HC Deb 24 March 1977 vol 928 cc1441-4
2. Mrs. Wise

asked the Chancellor of the Exchequer how many copies of "Accountancy Age" are taken by his Department.

13. Mr. Rooker

asked the Chancellor of the Exchequer how many copies of "Accountancy Age" are taken by his Department.

19. Mr. Andrew F. Bennett

asked the Chancellor of the Exchequer how many copies of "Accountancy Age" are taken by his Department.

20. Dr. McDonald

asked the Chancellor of the Exchequer how many copies of "Accountancy Age" are taken by his Department.

The Chief Secretary to the Treasury (Mr. Joel Barnett)


Mrs. Wise

Has my right hon. Friend read that one copy, and has he observed the account of the incredibly complex price-fixing agreement between the sugar refiners and the equally complex price equalisation scheme operated by the Government? While no blame apparently attaches to Tate and Lyle, is my right hon. Friend satisfied that, with all these complexities, the taxpayer's interest is being adequately safeguarded in assessing taxes and subsidies for the sugar refiners?

Mr. Barnett

I read the article about Tate and Lyle, and the Comptroller and Auditor General has reported on the case. If the Public Accounts Committee decides to report upon it to the House, I am sure that hon. Members will want to take that opportunity to discuss the matter further.

Mr. Rooker

Is it not significant that this large private enterprise company, one of the most virulent anti-nationalisation companies in the country with its Mr. Cube campaign, is only too happy to take great handouts from the State when the occasion arises so that shareholders' funds can benefit, in this case to the tune of £600 million?

Mr. Barnett

I not only read the edition of "Accountancy Age" to which my hon. Friends have referred but the following week's edition, which withdrew everything that had been said the previous week. I appreciate the point made by my hon. Friend, and it is right that the taxpayer's interest should be carefully taken into account. I am sure that the Comptroller and Auditor General has done that in his report. If the PAC decides to submit the matter to the House, we shall have an opportunity to study it further.

Mr. Bennett

Will my right hon. Friend consider trying to persuade Tate and Lyle to put a simple statement of the firm's financial position on its bags of sugar so that consumers can see what is going on?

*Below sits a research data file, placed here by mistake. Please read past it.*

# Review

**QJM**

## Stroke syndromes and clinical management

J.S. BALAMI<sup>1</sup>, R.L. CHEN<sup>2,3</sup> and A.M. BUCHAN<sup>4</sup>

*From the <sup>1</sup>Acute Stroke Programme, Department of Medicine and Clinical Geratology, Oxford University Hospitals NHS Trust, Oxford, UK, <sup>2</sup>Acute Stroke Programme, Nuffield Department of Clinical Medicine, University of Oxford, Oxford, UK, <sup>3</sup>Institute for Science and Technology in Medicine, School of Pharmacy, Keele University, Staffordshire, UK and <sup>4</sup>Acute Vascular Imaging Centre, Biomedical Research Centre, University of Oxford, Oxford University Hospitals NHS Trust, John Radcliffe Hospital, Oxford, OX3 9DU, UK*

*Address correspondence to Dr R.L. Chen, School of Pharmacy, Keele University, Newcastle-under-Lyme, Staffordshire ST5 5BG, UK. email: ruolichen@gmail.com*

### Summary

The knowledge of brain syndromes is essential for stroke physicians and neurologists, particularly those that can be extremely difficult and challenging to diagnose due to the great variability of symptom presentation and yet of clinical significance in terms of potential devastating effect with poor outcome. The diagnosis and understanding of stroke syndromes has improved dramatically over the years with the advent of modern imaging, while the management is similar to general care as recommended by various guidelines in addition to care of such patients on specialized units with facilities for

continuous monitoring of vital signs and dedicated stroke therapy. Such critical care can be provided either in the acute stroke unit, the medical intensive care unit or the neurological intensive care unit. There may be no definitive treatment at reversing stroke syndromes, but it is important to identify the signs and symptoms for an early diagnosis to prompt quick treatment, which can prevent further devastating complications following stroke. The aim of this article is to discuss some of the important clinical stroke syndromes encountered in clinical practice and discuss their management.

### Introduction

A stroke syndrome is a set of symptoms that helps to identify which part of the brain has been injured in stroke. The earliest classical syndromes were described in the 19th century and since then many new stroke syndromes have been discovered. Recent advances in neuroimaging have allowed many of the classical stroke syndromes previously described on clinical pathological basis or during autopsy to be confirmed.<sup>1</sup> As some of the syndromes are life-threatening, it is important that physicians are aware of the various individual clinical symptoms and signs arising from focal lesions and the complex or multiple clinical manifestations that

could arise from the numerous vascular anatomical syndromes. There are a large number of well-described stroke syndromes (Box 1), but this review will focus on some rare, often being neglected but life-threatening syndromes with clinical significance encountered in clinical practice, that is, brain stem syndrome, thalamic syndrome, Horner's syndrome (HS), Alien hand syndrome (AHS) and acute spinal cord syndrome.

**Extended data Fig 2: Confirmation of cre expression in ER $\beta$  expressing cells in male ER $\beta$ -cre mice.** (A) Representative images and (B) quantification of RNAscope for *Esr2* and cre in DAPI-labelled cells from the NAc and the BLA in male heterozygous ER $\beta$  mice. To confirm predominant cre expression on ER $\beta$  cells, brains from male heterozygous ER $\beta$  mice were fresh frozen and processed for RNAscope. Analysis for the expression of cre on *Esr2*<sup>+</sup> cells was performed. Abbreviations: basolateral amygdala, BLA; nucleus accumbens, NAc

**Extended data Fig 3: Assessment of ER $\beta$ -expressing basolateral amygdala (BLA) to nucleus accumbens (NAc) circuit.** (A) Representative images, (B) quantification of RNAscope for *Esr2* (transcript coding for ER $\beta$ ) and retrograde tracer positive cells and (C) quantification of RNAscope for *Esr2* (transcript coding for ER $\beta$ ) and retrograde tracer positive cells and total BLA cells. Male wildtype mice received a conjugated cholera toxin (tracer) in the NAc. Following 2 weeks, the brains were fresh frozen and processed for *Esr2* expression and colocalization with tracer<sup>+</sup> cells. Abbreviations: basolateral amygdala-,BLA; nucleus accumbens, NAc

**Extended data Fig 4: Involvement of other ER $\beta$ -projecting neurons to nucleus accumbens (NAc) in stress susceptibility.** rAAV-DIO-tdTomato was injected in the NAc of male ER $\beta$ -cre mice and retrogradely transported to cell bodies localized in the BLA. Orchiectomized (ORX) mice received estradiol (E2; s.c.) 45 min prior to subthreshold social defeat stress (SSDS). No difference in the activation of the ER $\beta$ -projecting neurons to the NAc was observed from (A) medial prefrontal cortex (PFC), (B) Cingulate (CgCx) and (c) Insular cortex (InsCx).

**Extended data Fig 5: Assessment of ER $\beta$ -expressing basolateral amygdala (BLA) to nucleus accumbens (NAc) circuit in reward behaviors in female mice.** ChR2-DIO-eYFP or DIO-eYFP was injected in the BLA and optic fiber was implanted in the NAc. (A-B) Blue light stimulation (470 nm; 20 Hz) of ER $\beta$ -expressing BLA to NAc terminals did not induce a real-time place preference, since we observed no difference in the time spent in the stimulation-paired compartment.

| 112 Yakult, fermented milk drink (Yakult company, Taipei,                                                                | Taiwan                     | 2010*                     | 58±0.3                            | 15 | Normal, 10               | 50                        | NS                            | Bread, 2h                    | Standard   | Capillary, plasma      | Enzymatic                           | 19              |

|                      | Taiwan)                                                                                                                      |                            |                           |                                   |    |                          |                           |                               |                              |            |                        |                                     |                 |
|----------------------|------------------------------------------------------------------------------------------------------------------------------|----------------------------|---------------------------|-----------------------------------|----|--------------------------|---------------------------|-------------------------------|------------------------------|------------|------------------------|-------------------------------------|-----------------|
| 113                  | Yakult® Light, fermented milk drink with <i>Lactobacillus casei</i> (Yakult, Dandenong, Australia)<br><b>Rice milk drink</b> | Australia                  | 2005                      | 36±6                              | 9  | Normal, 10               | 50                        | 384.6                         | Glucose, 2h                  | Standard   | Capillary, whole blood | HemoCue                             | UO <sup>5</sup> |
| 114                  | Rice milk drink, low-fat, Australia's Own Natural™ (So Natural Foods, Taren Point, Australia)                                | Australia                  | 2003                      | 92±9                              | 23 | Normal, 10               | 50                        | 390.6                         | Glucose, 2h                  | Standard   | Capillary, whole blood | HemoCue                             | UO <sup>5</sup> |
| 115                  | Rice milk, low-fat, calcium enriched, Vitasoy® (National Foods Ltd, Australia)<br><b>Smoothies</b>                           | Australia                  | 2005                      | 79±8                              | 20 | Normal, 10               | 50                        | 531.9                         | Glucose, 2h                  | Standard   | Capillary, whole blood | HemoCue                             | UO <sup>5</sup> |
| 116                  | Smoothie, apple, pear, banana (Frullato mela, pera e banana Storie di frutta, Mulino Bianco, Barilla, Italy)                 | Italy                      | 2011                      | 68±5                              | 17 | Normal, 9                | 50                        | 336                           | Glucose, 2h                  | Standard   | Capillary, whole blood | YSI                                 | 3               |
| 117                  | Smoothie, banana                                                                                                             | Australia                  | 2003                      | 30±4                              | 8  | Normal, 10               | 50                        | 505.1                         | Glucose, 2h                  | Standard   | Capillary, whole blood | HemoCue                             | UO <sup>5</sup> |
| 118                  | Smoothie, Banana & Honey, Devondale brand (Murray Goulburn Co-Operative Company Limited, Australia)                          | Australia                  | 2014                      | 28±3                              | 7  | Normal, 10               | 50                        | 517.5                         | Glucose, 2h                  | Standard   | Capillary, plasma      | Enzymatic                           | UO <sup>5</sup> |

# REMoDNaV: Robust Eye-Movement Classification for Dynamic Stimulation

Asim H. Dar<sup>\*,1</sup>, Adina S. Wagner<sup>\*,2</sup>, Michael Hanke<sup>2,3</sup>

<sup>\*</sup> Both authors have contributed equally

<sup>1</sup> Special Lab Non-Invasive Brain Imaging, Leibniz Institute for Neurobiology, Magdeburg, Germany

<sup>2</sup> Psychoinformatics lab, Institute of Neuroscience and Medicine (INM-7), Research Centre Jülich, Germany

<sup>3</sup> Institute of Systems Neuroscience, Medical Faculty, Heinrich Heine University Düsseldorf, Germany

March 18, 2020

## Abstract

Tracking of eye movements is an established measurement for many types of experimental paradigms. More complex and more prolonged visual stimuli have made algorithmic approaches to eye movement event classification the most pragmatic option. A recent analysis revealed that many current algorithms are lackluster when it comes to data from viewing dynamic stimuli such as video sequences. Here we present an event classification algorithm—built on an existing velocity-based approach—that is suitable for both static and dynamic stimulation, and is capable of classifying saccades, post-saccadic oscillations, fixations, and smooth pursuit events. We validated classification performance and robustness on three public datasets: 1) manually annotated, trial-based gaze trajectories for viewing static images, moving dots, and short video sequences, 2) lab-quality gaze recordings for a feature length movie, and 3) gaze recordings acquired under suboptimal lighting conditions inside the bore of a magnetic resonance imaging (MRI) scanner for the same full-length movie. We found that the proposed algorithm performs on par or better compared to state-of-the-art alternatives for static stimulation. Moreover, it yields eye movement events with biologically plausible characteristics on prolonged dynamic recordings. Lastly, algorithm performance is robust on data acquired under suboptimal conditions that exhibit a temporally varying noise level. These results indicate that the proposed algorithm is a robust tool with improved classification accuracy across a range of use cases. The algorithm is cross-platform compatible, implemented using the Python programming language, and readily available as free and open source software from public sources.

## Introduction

Mr. Barnett

That is an interesting suggestion. I am sure that the board of Tate and Lyle will have noted it, and I hope that it will take account of it.

Dr. McDonald

Can my right hon. Friend explain to the House who bore the cost of restocking the nation's stockpile of sugar following the loans to the sugar companies, particularly Tate and Lyle? Does he agree that there are still grounds for disquiet owing to the complexity of Tate and Lyle's accounting procedures and the complexity of the issues involved? Will he ensure that, in future, Tate and Lyle presents its accounts in a simple, straightforward way in order to make clear to everyone the extent to which the firm relies on Government support?

Mr. Barnett

The presentation of public companies' accounts fascinates me every bit as much as it does my hon. Friends. I should like to see such accounts presented more simply, but at the moment there is much consideration of presenting them in, if anything, a more complex way. However, I am sure that they will be crystal clear to my hon. Friend however they are presented. On the question of who benefits, I should remind the House that some of the major beneficiaries were the developing countries, for which we ensured very generous prices.

Mr. Ridley

I declare an interest. Is it not appalling that Labour Members should indulge in accusations of guilt by association when the PAC has dismissed all the charges mentioned in this publication and The Times has categorically denied its own misleading report on the subject? Will the right hon. Gentleman deny the sort of implications that his hon. Friends are making?

Mr. Barnett

I do not propose to deny or support anything until I see the report of the PAC. That is the sensible way for the House to deal with this matter. I note the hon. Gentleman's views about guilt by association.

Mr. Pardoe

Would the right hon. Gentleman care to take this opportunity to advise companies such as Tate and Lyle which may fear nationalisation that, as long as this Parliament lasts and the agreement between the Government and the Liberal Party continues, there is no fear of any nationalisation?

Mr. Russell Kerr

Well spoken, comrade.

Mr. Barnett

I note the hon. Gentleman's views, and I am always happy to consult him on this and other matters.

Mr. Adley

On a point of order, Mr. Speaker. Is it your intention in future, despite the Questions on the Order Paper, to call five Government supporters and only one supporter of this side of the House?

Mr. Speaker

The hon. Gentleman has a short memory. Last week the same thing happened in reverse. I try to be as fair as I can, and I called two hon. Members from the Opposition Benches to put supplementary questions.